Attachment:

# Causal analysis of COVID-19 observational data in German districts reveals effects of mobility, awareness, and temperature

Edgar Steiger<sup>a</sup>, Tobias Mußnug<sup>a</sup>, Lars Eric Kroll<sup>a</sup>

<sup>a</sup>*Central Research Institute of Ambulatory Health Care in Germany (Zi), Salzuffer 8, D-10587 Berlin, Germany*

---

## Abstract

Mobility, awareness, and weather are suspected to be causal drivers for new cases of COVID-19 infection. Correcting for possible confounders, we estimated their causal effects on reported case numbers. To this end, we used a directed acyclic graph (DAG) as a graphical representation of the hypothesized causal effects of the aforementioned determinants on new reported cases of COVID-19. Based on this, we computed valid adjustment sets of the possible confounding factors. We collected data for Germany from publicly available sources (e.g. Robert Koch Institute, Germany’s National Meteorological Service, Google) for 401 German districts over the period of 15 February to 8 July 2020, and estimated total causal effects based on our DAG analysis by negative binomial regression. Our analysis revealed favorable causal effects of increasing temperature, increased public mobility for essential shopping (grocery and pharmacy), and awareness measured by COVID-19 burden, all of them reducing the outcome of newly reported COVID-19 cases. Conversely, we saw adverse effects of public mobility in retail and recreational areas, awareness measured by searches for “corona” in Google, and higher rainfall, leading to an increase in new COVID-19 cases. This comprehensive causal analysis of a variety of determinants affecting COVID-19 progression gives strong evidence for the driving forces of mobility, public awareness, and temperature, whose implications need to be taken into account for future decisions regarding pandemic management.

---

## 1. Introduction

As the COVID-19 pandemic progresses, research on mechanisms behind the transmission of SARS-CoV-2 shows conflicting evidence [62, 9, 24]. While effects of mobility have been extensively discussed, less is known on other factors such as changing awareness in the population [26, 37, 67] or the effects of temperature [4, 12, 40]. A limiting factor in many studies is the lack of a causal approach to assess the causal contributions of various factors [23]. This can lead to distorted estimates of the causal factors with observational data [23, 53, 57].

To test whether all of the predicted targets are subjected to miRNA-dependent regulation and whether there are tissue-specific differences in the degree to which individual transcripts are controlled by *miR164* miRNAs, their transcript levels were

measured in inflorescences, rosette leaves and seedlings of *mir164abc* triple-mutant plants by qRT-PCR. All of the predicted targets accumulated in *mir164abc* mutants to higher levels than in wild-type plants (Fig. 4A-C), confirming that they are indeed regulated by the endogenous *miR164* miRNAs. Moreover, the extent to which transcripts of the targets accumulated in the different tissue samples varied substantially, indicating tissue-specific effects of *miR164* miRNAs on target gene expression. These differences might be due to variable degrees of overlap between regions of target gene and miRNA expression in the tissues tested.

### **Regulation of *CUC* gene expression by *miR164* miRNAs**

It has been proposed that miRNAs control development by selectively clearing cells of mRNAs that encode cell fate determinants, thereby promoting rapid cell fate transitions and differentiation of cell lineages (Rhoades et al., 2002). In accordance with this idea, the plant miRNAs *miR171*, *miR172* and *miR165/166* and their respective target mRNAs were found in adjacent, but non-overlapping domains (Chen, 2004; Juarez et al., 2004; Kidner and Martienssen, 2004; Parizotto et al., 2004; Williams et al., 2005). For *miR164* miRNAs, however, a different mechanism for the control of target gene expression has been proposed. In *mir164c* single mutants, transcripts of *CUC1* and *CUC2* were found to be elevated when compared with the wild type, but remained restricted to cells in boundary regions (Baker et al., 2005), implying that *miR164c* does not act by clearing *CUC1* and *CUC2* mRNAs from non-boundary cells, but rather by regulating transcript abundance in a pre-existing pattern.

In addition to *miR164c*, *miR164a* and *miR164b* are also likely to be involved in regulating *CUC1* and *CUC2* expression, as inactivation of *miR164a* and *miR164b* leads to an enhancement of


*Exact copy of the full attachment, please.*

# Causal analysis of COVID-19 observational data in German districts reveals effects of mobility, awareness, and temperature

Edgar Steiger<sup>a</sup>, Tobias Mußnug<sup>a</sup>, Lars Eric Kroll<sup>a</sup>

<sup>a</sup>*Central Research Institute of Ambulatory Health Care in Germany (Zi), Salzuffer 8, D-10587 Berlin, Germany*

---

## Abstract

Mobility, awareness, and weather are suspected to be causal drivers for new cases of COVID-19 infection. Correcting for possible confounders, we estimated their causal effects on reported case numbers. To this end, we used a directed acyclic graph (DAG) as a graphical representation of the hypothesized causal effects of the aforementioned determinants on new reported cases of COVID-19. Based on this, we computed valid adjustment sets of the possible confounding factors. We collected data for Germany from publicly available sources (e.g. Robert Koch Institute, Germany’s National Meteorological Service, Google) for 401 German districts over the period of 15 February to 8 July 2020, and estimated total causal effects based on our DAG analysis by negative binomial regression. Our analysis revealed favorable causal effects of increasing temperature, increased public mobility for essential shopping (grocery and pharmacy), and awareness measured by COVID-19 burden, all of them reducing the outcome of newly reported COVID-19 cases. Conversely, we saw adverse effects of public mobility in retail and recreational areas, awareness measured by searches for “corona” in Google, and higher rainfall, leading to an increase in new COVID-19 cases. This comprehensive causal analysis of a variety of determinants affecting COVID-19 progression gives strong evidence for the driving forces of mobility, public awareness, and temperature, whose implications need to be taken into account for future decisions regarding pandemic management.

---

## 1. Introduction

As the COVID-19 pandemic progresses, research on mechanisms behind the transmission of SARS-CoV-2 shows conflicting evidence [62, 9, 24]. While effects of mobility have been extensively discussed, less is known on other factors such as changing awareness in the population [26, 37, 67] or the effects of temperature [4, 12, 40]. A limiting factor in many studies is the lack of a causal approach to assess the causal contributions of various factors [23]. This can lead to distorted estimates of the causal factors with observational data [23, 53, 57].

To test whether all of the predicted targets are subjected to miRNA-dependent regulation and whether there are tissue-specific differences in the degree to which individual transcripts are controlled by *miR164* miRNAs, their transcript levels were

measured in inflorescences, rosette leaves and seedlings of *mir164abc* triple-mutant plants by qRT-PCR. All of the predicted targets accumulated in *mir164abc* mutants to higher levels than in wild-type plants (Fig. 4A-C), confirming that they are indeed regulated by the endogenous *miR164* miRNAs. Moreover, the extent to which transcripts of the targets accumulated in the different tissue samples varied substantially, indicating tissue-specific effects of *miR164* miRNAs on target gene expression. These differences might be due to variable degrees of overlap between regions of target gene and miRNA expression in the tissues tested.

### **Regulation of *CUC* gene expression by *miR164* miRNAs**

It has been proposed that miRNAs control development by selectively clearing cells of mRNAs that encode cell fate determinants, thereby promoting rapid cell fate transitions and differentiation of cell lineages (Rhoades et al., 2002). In accordance with this idea, the plant miRNAs *miR171*, *miR172* and *miR165/166* and their respective target mRNAs were found in adjacent, but non-overlapping domains (Chen, 2004; Juarez et al., 2004; Kidner and Martienssen, 2004; Parizotto et al., 2004; Williams et al., 2005). For *miR164* miRNAs, however, a different mechanism for the control of target gene expression has been proposed. In *mir164c* single mutants, transcripts of *CUC1* and *CUC2* were found to be elevated when compared with the wild type, but remained restricted to cells in boundary regions (Baker et al., 2005), implying that *miR164c* does not act by clearing *CUC1* and *CUC2* mRNAs from non-boundary cells, but rather by regulating transcript abundance in a pre-existing pattern.

In addition to *miR164c*, *miR164a* and *miR164b* are also likely to be involved in regulating *CUC1* and *CUC2* expression, as inactivation of *miR164a* and *miR164b* leads to an enhancement of